It annoys me that there has to be an expression to describe “free range children.” Back in the olden days, we simply called them children. Yes, not a Melody post! But that inspired it, because it’s such a dramatic image of another time and place. The past is, after all, another country, and that was another country and in the past. It was also a different environment from the one I grew up in, city instead of rural.
I learned to ride a bike when I was 8, rather old because of my mild physical retardation from meningitis as an infant. I believe I talked about this in one post or another in the past few weeks. Once I could ride, that was it! I was gone! I had wings. Nobody thought a thing of my riding three miles to visit friends.
Even before that, though, I was walking all over the woods, to the nearest beach, to the store (over a mile away), and of course to the bus. We had to walk a third of a mile just to get the bus to school. It was rare and frigid for me to get a ride. My mother walked me to the bus, which stopped even farther away, for the town’s version of kindergarten. That was for a short time during the summer before first grade. It gave them a chance to teach us how to go to school and give us some bare preliminaries. Which was funny for me, since I already knew how to read. I don’t remember ever not knowing how to read, so I would guess I learned sometime in the 3-4 years old range. It was physical retardation. After that I walked with my older siblings for first grade, with my sister for second grade, and by myself thereafter. My kids had to walk to elementary school just a little farther than my walk to the bus. We ended up being expected to walk with them through third grade, even though they were considered fine to walk home by themselves.
Someone called the cops on the youngest when he went out to play with a kid about three houses down the street at the age of about 5. That was a little young, but it was also close, with a sidewalk and not busy street. I never did figure out who called. We taught the kids from a young age not to dash into the street and how to cross safely if they needed to. Compared to where I grew up, it’s downright urban, but really it’s a quaint old factory town’s downtown, the outskirts of it, basically suburbia, in a town that ranges to pure rural, cranberry bogs, and thick woods.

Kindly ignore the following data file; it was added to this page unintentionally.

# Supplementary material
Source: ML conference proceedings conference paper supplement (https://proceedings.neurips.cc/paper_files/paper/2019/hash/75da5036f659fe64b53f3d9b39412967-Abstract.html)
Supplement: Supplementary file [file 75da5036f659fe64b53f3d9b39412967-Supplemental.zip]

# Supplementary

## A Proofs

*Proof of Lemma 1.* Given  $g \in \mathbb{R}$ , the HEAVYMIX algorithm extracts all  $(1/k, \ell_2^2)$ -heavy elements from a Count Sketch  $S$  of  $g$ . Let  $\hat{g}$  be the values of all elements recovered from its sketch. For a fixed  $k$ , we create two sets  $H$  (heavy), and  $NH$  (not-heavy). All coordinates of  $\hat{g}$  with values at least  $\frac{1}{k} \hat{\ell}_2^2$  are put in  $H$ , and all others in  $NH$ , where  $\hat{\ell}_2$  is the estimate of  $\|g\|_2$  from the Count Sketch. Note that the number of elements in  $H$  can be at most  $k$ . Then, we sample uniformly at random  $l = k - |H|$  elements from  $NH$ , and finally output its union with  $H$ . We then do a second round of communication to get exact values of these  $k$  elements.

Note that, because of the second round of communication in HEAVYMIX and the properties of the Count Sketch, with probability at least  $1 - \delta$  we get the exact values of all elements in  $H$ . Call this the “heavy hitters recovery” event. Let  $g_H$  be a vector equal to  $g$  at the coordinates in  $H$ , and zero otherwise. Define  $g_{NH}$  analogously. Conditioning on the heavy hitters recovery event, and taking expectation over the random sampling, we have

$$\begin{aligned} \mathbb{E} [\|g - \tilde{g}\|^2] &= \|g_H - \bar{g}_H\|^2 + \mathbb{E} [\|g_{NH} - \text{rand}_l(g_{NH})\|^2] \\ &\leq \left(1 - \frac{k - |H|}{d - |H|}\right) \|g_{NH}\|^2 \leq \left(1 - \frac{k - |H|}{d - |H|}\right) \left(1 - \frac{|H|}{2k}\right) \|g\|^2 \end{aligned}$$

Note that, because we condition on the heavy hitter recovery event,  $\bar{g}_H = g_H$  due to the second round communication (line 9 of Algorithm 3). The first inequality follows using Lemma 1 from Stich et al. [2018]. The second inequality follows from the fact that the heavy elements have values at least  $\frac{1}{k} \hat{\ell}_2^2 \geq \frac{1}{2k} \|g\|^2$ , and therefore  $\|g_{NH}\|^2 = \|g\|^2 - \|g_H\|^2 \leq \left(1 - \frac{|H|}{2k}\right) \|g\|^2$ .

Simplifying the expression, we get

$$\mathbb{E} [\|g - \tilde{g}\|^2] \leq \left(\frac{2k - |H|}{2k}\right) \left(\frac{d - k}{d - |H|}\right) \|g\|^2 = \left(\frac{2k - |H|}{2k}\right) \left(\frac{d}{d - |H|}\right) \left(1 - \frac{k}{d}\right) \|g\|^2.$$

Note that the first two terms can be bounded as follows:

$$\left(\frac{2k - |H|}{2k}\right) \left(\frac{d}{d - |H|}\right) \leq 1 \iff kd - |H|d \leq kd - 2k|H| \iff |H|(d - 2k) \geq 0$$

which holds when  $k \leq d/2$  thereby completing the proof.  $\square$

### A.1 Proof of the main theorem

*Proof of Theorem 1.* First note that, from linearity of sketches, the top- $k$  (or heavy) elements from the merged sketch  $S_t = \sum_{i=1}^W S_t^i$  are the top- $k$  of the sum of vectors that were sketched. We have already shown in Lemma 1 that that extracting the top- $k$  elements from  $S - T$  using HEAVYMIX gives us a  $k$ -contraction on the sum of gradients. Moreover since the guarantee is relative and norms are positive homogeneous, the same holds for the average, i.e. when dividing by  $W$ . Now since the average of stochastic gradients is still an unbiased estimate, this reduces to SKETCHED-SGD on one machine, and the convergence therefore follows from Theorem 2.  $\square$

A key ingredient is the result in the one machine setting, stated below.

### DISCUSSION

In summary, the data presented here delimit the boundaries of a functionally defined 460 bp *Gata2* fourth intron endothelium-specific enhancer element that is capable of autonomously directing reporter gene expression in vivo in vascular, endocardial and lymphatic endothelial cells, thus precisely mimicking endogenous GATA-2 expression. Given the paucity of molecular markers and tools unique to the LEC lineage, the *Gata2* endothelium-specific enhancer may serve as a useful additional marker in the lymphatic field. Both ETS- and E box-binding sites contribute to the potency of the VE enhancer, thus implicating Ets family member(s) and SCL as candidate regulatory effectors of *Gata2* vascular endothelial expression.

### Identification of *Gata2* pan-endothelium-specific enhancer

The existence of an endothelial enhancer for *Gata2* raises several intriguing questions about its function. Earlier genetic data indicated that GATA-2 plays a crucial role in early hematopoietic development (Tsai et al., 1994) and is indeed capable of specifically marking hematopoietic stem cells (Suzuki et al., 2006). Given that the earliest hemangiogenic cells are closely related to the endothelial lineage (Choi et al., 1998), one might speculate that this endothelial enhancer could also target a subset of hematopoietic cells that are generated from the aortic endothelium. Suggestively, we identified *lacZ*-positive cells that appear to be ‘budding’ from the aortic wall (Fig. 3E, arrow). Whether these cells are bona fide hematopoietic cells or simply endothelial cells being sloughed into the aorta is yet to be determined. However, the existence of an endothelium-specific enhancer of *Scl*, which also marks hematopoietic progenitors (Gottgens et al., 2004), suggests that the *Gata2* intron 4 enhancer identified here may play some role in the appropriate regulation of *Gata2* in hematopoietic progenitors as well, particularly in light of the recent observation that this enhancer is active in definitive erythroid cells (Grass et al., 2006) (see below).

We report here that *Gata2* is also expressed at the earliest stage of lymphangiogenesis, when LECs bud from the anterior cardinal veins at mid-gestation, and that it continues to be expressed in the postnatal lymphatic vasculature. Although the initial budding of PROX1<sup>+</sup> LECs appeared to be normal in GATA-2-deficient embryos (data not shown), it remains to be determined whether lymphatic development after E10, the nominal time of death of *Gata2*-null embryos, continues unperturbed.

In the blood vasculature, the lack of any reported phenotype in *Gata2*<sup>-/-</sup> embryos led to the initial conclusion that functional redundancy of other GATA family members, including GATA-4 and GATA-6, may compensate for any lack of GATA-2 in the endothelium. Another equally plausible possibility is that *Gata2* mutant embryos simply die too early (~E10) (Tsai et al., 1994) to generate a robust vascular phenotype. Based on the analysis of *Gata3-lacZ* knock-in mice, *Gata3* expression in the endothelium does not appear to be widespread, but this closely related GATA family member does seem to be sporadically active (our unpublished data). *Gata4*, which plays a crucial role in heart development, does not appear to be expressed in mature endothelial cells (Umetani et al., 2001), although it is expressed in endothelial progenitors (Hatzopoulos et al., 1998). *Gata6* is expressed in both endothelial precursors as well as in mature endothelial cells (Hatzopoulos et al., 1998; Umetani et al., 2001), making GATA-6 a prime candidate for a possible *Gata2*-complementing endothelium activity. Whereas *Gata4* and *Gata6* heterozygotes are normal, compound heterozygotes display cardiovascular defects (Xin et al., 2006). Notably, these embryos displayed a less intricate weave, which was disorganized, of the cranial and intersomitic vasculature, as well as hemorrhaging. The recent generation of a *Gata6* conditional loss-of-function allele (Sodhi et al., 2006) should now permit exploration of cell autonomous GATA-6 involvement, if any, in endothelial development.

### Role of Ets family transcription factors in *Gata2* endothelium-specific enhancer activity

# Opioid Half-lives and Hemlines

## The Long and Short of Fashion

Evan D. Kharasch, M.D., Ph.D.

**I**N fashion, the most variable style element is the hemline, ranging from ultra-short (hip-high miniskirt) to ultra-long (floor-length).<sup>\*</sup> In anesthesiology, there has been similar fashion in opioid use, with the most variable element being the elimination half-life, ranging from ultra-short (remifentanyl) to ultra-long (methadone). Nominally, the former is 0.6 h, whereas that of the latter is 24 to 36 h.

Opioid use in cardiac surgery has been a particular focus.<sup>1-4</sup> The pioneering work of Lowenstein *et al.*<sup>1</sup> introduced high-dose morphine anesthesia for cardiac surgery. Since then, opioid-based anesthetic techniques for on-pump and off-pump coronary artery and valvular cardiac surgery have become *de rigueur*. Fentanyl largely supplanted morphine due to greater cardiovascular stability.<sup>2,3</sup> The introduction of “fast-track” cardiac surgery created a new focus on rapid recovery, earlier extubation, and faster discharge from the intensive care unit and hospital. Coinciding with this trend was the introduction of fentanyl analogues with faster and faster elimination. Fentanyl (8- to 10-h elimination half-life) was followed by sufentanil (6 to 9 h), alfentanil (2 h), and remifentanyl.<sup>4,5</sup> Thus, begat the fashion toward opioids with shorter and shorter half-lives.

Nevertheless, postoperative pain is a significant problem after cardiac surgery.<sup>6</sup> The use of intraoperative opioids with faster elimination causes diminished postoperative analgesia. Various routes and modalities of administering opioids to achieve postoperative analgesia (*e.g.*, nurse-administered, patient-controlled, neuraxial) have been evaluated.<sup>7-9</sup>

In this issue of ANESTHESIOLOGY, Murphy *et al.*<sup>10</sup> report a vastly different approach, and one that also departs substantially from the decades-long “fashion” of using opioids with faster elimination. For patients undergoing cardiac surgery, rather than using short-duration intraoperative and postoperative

Circa first and second grade, I hung out with a kid, Reggie, who lived about a mile from the end of our street (end of our street being the bus stop, 1/3 of a mile from our house). He was on the other side of the main intersection and only traffic light in town. The big business at the junction was a liquor store/variety story with a gas pump. While we spent some time in his house, mostly we ranged around outside. We freely crossed the street. We walked back along the main road most of the way back to my street. We would collect bottles to turn in at the store so we could get ice cream bars or candy. Nobody thought the slightest thing of it that six or seven year old kids were doing this. That would have been about 1967-1968.
I think the last time anyone worried about my going walkabout was when I “went to pick blueberries” when I was 3 and it was the wrong time of year. The dog went with me. Then they went out in the woods and swamp to find me. I gather I wondered what all the fuss was about. Since my father’s business was maybe a tenth of a mile or so up the street from us, I would range between there and the house, almost as early as that age. I’ll never forget being no more than 5 and rushing down the path that was a shortcut between the two, trying to get home and failing. The business had an outhouse. The outhouse tended to attract hornets and I didn’t like it anyway. What a mess! I remember my mother cleaning me up while I stood in the bathroom sink. At least if all we had to do was pee, well, we lived in the woods. The world was our urinal.